Directed by Céline Pernet, following a lengthy period on dating websites and meeting a variety of men, Pernet decides to embark on a deeper investigation into what men feel and think. Through an advert, she whittles her subjects down to 30 men, whose ages span 15 years, and who are willing to talk frankly and openly about all aspects of their lives.
The first thing to get out the way quickly when discussing Garçonnières is the inherent conflict that it’s both interesting to hear what these men have to say, but also gives a platform to some misogynistic attitudes. It’s unavoidable, but it does bring in the question of whether that affects how you enjoy and take in this documentary. Although, in itself the fact that it raises questions about how we use media, and informational versus soapbox, is a worthwhile discussion. Regardless, it’s hardly surprising that given the generations that these men have grown up in, they’ve been influenced by classically patriarchal attitudes. Some of them are stronger examples than others, and in turn some have more redeemable qualities to balance it out than others.
As a whole, it is disheartening to see the lasting effects of those old-fashioned attitudes, relating masculinity to protecting women, or that paying for things means you’re more likely to get sex. It has peaks and plateaus, the subjects tend to raise an interesting point about masculinity in a modern era, then knock that down with a sexist attitude. One of the interesting questions, is whether there are truly role models for modern masculinity, having thrown out all those misogynist and toxic, where does that leave them? Is there a genuine, positive example of what being a man should mean in a society of equality and respect?.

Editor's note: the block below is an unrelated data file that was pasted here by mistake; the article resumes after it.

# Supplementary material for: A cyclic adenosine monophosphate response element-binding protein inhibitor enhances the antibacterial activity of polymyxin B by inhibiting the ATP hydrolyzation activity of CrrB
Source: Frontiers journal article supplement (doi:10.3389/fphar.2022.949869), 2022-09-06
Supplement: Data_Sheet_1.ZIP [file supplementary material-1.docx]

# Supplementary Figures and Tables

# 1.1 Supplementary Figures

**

Another element, which is unintentional on their part, is their use of language, occasionally falling into red flag territory; one particular example being the suggestion that men being rejected sexually is ‘dangerous’. Judging by the different opinions towards dating and sex given by these men, it’s clear that the attitude of rejection being different based on gender is way too prevalent. Even more so the idea that any woman can just get sex whenever they want, not considering how intrinsically careful women have to be in their decisions, especially with men they don’t know. That said, there is sparks of progression, particularly in the younger of those interviewed, including open and equal attitudes towards body image, childcare and abortion. As well as an awareness of how toxic attitudes can be reinforced by other men.
Those ups and downs of modern versus old-fashioned values is balanced well with the narration from director Céline Pernet. Not only that but the tone of her questions easily lends the intention to further their answers and consider what their answers mean to her as a woman. It also sets a new dynamic when she opens up about her sexual experience in their conversations, you can see the classic subtle squirm from several of them who clearly aren’t used to women talking openly about sex. Her style smartly highlights their body language and facial cues, at times getting almost uncomfortably close with her framing. Pernet also brings through a number of visuals emphasising typically male settings, they work very well to lend additional context and atmosphere. Additionally, one of the keys to why this film works is that it’s an intensely personal project, and Pernet makes herself vulnerable, but it never for a second feels self-indulgent. There’s even almost a poetic feel to the way she contextualises their stories.
Garçonnières demonstrates that while many men retain old-fashioned attitudes towards masculinity and women, there is still progress that will hopefully be strengthened by the generations to follow. It can be difficult to hear some of the opinions that come out along the way but it undoubtedly has a point to make about modern masculinity and equality. Céline Pernet brings a personal but objective feel, she gives these men the space to explore their viewpoint, while peppering the journey with her own experience. It continuously ranges from eye-opening, aggravating, interesting and disheartening, it can leave you feeling conflicted and in today’s landscape of film, that’s a useful and unusual experience.